<collection> <alt> <hull><range>U+4E00-9FA5</range></hull> <ref href=" ... "/> <!-- pointer to JIS X 0208-19997 collection --> </alt> </collection>
It should be noted that instead of an <alt> containing a <hull>, an <intersection> could also be used here. An <intersection> should be used for true intersections (i.e. when as a result of the intersection, characters drop out from both collections). A hull should be used when the collection is indeed not completely known. Another relation between intersections and hulls is that it would be possible to replace the hull element by an intersection with an element representing an unknown collection, e.g.
could be replaced by
The same thing can be done with unions and kernels, i.e. a kernel can be replaced by an union of the kernel's contents and an unknown collection.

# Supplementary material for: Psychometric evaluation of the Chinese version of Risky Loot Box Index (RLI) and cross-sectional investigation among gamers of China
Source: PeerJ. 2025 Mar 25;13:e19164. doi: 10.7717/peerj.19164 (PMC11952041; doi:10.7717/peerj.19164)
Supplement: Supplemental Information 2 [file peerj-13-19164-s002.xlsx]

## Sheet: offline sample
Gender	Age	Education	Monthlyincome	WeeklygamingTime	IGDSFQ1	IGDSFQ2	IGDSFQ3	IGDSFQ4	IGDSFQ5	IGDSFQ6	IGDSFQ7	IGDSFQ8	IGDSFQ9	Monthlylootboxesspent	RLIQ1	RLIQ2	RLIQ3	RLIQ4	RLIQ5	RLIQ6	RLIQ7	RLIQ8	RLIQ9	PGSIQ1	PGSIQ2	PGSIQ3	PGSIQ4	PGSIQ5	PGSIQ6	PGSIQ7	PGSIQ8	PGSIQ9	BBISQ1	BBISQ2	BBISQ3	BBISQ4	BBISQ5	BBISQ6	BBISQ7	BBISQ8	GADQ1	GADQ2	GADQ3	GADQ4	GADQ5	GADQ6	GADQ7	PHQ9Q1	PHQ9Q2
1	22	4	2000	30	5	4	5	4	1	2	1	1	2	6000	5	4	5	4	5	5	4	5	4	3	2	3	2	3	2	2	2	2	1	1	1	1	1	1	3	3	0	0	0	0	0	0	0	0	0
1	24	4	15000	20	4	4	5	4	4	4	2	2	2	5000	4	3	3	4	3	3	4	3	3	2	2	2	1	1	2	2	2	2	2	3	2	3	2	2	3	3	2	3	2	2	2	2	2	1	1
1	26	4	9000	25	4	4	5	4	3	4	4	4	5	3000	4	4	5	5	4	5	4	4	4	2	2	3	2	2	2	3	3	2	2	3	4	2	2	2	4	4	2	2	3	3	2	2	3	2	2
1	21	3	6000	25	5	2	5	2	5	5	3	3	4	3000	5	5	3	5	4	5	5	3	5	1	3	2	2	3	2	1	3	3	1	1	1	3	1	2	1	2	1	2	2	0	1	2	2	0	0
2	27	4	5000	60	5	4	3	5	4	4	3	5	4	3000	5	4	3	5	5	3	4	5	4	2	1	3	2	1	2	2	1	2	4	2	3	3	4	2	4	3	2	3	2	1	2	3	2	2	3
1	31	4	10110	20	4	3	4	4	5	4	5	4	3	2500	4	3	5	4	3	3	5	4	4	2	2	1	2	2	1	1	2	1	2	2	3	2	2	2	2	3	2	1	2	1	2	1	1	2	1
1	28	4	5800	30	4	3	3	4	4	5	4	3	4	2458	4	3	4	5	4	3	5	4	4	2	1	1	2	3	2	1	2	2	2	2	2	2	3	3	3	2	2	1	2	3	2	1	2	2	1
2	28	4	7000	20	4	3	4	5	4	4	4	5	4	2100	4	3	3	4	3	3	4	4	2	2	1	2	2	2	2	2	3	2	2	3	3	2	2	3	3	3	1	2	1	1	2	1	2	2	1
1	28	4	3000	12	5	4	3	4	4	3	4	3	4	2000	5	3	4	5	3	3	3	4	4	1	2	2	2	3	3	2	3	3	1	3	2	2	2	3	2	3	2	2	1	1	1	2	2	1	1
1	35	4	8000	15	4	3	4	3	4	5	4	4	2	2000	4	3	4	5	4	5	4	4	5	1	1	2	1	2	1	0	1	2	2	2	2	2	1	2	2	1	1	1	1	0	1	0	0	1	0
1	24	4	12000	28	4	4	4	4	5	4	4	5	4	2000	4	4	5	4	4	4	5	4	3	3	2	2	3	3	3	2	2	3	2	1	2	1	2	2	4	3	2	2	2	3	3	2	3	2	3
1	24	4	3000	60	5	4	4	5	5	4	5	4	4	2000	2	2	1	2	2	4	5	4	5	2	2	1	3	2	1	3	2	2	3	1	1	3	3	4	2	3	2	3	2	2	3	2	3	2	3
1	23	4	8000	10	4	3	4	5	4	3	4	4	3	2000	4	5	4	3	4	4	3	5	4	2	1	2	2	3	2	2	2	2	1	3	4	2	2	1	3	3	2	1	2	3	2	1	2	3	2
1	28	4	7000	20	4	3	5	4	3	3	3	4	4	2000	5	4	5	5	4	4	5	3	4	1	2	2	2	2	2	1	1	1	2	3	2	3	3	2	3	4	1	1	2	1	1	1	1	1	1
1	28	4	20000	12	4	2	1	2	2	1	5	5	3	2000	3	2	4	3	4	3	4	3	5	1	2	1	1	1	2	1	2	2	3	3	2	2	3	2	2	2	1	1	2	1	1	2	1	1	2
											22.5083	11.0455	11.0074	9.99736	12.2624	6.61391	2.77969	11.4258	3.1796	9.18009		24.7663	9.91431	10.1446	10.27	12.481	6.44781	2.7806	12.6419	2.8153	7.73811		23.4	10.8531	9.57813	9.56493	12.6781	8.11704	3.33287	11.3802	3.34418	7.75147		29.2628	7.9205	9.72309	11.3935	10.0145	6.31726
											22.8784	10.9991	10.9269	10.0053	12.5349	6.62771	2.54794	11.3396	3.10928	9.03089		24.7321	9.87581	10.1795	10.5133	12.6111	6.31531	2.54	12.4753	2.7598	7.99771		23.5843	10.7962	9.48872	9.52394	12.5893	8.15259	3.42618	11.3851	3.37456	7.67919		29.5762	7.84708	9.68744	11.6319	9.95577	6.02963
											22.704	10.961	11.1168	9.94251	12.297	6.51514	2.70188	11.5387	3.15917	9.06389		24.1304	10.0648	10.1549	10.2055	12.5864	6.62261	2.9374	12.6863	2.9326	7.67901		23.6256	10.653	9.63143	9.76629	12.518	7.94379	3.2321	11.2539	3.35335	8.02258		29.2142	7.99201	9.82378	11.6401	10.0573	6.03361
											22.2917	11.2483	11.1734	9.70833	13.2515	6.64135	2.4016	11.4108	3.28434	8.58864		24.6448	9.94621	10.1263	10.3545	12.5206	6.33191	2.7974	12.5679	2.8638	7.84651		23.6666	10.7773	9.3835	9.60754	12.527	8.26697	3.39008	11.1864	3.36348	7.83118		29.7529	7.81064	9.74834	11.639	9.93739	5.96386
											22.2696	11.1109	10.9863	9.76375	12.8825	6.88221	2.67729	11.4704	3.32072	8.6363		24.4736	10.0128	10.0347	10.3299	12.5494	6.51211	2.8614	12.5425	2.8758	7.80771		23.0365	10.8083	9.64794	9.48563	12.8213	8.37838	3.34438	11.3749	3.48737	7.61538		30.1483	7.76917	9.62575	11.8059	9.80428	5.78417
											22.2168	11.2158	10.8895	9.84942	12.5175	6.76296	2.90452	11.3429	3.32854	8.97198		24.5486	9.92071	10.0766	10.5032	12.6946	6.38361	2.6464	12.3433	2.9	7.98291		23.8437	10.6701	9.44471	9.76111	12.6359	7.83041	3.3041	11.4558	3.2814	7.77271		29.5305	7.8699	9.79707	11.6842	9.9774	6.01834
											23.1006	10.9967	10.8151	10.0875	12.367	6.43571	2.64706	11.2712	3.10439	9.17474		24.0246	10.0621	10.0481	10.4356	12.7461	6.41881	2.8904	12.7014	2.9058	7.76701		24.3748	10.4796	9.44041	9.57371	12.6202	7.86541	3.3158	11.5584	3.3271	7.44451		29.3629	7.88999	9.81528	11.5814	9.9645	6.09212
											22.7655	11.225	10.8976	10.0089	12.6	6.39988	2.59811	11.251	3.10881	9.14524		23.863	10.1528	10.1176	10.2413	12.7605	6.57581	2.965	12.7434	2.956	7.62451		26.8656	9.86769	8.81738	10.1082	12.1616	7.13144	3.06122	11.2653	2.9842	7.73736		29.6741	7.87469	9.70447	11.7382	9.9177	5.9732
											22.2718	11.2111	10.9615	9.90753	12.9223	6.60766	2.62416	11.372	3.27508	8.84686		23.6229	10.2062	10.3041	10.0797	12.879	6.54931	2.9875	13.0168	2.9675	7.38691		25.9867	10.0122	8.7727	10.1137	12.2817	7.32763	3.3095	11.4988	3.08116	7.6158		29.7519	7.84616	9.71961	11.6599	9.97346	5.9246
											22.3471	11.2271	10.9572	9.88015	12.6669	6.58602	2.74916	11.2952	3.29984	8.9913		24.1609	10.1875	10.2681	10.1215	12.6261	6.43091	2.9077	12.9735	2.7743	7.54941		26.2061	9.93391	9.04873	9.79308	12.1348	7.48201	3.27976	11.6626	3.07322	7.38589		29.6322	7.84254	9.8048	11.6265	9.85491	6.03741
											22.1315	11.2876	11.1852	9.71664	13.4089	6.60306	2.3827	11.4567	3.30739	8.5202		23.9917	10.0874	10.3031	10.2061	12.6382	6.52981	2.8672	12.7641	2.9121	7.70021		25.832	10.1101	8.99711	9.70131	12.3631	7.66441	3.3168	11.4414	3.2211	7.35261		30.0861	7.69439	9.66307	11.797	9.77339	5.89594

In order to allow efficient network access and caching, it is also important to realize in which cases a collection definition should be referenced, and in which cases it should be provided inline. Minor changes to existing collections and efficiency cuts should be provided inline to reduce network traffic. Well-known collections should be provided by reference to avoid duplication of data in caches and in memory.
Caching mechanisms cannot only help for efficient network access, they may also be used as one means to determine whether a collection is supposed to stay constant or whether it may change over time. This information is very important when designing collections referencing other collections. A designer of a collection wants to make sure that the referenced collection not only corresponds to his/her intentions at the time the new collection is designed, but also later on. In some cases, a constant collection (or a snapshot of an evolving collection) is desired, in other cases, an evolving collection is desired. This NOTE does not address the issues of metadata and trust regarding collections, because these issues are largely common to other Web-oriented notations, because they are largely orthogonal to the notation chosen, and because a stable registry for collections is already provided by ISO/IEC 10646 [ISO10646].